Monday, April 04, 2005

Subsisting on Appetizers: My Weekend at the OAH

In graduate school once, I pulled a quadricep muscle while lunging for a box of mini donuts. The donuts were left-overs from some kind of faculty/staff meeting, and they wound up being remaindered in the graduate student lounge, where all forms of uneaten food were exiled to a stale, lingering death. That morning, I wandered into the lounge and, upon seeing undisturbed pile of mini-donuts glistening at a 65 degree angle from my current trajectory, quickly — all too quickly — switched direction, as the sudden stabbing pain in my leg brought me to a heap in the middle of the room. Crawling and then hopping toward the box on the table, I managed to dump half the donuts into a paper bag which I then stuffed into my coat pocket. The rest I consumed on the spot. The limp endured for at least a week.

This sort of mooch-mindedness represents one of many pathologies for which graduate school serves as a vector, and my weekend at the Organization of American Historians' annual meeting reminded me of how little that dimension of my life has changed after three years in a tenure-track job. Because my University offers its faculty pathetically-slim travel allowances — an amount usually sufficient to cover the airfare from Juneau and little else — every expense I incurred after stepping out of the San Jose airport was on my nickel, a tax deduction at best. Determined to keep those deficits to a mimimum, I spent the entire weekend grazing for scraps while attending as many panels as possible. Lunch on Friday, for example, consisted of two nut-topped, frosted brownies and two sodas, generously provided by OAH at the book exhibition. Several book vendors (usually the big textbook companies like Prentice-Hall and Longman) also provided casks of coffee and assorted muffins throughout the weekend, although I learned quickly that the full-strength coffee tended to disappear by noon, the muffins considerably earlier. Friday evening, I joined my well-connected Long Beach friends at the American Antiquarian Society reception, held at a German pub a mile from the convention center. There, I inhaled several plates of gravy-drenched meatballs, a good loaf's worth of crostini, and at least a half pound of tiny German quiche-like squares. It was a Teutonic feast. The AAS reception had nothing on the Longman reception, though, which we crashed in its last half hour. Publishers have bigger budgets than research libraries, so the booze was free and the appetizers consisted of fat-ass shrimp and numerous species of kabob. Standing shamelessly beside the buffet table, I drank two beers and kept another hand in constant motion — platter to mouth, no paper plates to interrupt the mechanical flow of it all — for 20 minutes before running off, half-drunk and sated with meat, to a thoroughly depressing evening plenary session on the Vietnam War.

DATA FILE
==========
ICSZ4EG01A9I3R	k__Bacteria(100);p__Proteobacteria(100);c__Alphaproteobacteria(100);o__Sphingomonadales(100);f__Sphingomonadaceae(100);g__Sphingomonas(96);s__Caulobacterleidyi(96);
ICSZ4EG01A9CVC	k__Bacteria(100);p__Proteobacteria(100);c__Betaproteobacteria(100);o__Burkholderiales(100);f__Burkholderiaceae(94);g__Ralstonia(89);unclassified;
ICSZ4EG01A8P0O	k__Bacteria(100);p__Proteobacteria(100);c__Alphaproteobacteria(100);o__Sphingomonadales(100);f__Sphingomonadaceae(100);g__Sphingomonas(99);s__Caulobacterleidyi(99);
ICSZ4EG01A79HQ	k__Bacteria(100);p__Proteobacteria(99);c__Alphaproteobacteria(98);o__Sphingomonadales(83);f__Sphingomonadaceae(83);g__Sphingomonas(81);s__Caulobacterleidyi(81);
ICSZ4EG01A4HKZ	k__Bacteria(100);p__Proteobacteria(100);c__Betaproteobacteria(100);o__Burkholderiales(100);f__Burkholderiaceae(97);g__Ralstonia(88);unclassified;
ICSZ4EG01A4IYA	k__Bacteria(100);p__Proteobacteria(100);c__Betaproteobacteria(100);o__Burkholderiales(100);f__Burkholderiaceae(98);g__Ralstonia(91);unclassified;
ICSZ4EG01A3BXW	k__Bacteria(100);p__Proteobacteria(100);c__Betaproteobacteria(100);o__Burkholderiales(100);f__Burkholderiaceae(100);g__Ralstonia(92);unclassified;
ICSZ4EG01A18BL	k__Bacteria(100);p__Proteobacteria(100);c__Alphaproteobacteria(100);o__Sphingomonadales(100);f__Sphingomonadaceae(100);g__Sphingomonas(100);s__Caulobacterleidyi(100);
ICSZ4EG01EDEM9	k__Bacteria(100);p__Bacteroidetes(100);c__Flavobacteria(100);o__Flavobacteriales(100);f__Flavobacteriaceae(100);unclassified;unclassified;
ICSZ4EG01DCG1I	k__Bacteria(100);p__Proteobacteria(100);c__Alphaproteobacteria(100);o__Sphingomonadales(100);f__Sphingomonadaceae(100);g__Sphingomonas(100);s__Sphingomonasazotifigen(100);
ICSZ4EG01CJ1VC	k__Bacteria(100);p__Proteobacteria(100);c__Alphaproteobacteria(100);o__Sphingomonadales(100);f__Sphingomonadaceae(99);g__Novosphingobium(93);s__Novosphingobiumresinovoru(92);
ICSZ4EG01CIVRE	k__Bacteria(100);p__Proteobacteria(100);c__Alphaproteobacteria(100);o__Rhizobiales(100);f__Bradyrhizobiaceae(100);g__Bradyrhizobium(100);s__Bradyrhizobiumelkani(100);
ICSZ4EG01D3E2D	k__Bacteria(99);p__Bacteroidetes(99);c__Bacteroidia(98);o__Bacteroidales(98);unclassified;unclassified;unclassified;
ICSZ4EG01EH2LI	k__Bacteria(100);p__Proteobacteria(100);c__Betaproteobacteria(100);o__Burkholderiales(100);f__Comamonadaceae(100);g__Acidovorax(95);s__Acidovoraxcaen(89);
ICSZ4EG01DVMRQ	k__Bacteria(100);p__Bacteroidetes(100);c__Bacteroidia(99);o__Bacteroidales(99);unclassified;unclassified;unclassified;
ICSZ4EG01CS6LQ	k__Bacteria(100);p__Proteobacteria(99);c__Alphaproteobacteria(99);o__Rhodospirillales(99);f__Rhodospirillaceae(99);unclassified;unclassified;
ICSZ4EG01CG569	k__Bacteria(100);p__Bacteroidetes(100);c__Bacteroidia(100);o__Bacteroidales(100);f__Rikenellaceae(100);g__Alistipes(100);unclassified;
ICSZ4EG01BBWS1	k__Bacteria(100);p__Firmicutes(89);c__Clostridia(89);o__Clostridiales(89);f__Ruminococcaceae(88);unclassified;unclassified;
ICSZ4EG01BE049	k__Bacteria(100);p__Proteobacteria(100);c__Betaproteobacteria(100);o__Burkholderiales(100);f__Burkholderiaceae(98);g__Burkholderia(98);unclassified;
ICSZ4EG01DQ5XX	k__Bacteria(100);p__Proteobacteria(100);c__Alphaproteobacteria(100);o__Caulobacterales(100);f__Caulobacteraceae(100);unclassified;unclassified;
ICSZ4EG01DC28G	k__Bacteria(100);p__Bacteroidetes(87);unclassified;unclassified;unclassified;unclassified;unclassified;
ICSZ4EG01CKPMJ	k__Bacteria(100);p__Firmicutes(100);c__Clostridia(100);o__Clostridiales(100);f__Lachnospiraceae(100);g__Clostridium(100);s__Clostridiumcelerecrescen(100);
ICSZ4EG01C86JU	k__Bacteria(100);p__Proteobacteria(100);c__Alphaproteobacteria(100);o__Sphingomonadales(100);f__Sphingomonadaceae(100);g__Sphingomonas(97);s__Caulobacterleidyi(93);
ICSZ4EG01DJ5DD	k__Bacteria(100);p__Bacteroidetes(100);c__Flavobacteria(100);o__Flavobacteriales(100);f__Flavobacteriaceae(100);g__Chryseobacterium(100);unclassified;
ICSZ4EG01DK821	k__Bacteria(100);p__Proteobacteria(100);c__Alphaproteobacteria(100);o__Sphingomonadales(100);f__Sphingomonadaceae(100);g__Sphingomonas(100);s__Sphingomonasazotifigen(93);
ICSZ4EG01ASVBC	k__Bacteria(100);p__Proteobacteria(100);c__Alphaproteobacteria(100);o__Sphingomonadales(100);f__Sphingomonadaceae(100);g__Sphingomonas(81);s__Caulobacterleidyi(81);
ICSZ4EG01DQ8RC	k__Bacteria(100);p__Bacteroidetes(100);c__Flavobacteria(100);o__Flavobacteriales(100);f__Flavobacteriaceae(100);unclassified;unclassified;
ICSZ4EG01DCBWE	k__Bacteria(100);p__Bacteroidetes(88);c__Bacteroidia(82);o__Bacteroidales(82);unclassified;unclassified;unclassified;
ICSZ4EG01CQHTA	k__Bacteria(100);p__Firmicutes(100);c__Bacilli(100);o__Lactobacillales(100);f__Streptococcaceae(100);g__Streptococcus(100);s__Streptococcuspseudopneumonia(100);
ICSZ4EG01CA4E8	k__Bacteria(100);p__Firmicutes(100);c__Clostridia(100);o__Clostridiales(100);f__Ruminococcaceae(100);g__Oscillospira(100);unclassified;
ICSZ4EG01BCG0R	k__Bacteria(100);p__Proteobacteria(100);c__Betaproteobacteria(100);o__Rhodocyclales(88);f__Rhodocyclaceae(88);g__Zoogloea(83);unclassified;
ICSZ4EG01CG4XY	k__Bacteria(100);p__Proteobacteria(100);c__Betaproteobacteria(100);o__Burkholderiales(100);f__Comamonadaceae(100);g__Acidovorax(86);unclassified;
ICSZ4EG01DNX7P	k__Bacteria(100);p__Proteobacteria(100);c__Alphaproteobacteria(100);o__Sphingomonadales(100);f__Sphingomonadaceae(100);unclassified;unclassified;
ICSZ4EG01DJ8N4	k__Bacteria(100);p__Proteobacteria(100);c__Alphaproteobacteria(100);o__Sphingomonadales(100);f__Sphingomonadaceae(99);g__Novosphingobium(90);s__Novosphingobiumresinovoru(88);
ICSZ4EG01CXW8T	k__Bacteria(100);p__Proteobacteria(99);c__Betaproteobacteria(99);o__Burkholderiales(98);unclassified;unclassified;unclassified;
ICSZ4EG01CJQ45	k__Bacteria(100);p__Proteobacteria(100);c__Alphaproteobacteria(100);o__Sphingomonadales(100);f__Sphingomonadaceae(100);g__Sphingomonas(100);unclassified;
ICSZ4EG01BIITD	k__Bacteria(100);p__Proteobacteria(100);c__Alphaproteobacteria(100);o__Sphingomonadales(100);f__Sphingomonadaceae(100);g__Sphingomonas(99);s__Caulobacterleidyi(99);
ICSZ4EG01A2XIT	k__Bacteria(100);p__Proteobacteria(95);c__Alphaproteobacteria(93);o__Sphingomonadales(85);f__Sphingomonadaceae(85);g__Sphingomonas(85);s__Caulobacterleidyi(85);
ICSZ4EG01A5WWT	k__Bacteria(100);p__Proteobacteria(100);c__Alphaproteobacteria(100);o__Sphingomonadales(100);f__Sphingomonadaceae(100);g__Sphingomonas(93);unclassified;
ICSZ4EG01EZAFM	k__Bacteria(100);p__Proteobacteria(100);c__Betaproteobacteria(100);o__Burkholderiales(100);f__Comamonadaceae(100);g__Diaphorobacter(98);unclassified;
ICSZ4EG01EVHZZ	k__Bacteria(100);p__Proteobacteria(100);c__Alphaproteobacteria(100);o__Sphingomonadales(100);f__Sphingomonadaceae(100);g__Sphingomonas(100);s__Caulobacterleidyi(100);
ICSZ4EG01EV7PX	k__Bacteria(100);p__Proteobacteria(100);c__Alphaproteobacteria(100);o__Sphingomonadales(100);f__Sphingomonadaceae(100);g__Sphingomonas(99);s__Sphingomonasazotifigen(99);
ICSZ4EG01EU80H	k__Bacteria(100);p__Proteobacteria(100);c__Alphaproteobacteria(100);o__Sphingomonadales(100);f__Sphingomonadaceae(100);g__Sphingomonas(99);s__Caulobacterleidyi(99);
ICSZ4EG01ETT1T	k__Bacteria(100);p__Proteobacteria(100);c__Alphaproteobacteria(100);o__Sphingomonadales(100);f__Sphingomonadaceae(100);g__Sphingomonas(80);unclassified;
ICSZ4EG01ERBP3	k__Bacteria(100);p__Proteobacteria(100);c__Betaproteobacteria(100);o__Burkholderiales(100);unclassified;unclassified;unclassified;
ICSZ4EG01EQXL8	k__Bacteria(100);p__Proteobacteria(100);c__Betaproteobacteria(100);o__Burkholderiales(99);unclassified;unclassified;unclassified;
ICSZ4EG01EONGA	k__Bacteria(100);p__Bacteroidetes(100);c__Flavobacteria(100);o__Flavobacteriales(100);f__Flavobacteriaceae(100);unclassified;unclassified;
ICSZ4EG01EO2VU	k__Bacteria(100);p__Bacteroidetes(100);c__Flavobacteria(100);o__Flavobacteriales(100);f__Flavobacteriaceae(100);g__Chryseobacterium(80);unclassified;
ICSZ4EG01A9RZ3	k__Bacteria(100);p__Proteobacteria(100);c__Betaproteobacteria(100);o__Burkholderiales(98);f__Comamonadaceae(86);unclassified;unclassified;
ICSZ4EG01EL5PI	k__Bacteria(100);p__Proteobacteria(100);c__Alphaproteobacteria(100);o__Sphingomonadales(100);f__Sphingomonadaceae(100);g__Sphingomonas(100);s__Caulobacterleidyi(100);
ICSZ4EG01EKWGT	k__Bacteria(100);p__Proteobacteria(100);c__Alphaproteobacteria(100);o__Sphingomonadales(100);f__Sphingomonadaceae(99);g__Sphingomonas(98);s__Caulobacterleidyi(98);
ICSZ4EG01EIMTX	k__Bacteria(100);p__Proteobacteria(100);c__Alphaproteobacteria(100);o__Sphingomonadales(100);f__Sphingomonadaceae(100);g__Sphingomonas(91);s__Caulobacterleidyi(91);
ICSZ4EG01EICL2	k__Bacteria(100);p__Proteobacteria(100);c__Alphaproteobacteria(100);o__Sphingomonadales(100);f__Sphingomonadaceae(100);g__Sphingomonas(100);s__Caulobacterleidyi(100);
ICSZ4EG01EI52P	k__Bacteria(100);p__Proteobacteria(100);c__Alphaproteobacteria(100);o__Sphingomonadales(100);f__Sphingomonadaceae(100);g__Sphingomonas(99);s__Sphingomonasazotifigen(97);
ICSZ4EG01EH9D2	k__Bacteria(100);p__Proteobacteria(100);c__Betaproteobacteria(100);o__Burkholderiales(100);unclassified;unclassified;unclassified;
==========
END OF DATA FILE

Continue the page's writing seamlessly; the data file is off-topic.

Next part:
Saturday proceeded in more or less the same fashion, although everyone knows that the real horn of plenty is to be found on Friday. Some group called the Bible Study Fellowship was having its (much larger, sadly) annual ham-bone tent revival at the San Jose Convention Center as well; after a morning panel on US imperialism in the Pacific, I attempted to crash the BSF coffee and snack table but was frightened off by some frosty-looking goons. Hungrily, I moped back to the publishers' exhibit, drank free coffee and looked at books, my afternoon fast broken only by an awful, "pizza-stuffed" pretzel which I consumed recklessly. With fewer evening receptions to choose from, I somehow found myself in a hotel suite with the generous and forgiving members of the Society for the History of the Early American Republic (SHEAR). My friend Brett — who actually studies this period — was my sole source of legitimacy, but he left after about 25 minutes, leaving me behind to nod helplessly through conversations about the origins of the Southern middle class and some damned obscure court case, the details of which I've forgotten. Food intake was slight here, a bag of chips and small tub of guacamole being the only thing to dilute the glugging of Sierra Nevada and Moosehead, each of which I consumed in pairs before stumbling to the OAH President's Reception. Here, I hit rock bottom for sure. By this point, the reception was nearly over and the room empty of all but three clusters of chummy, older professors, none of whom I recognized. Piling high two plates with bruschetta, fried shrimp, and hunks of cheese, I consumed my only "meal" of the day in about five minutes. Most places, people like me would be escorted quietly from the premises, but I had my conference badge on, which pretty much makes a person immune from too much scrutiny.

Satisfied with the day's kill and unwilling to feign a higher purpose for attending, I disembarked for my hotel room, grabbing a handful of hard candies from the hotel bar on the way to the elevator.

Cost of weekend's food consumption: $3.75
Cost of weekend's beer consumption: $10.00
Living within my university's stingy-ass travel allowance: Priceless. Humiliating, yes, but priceless.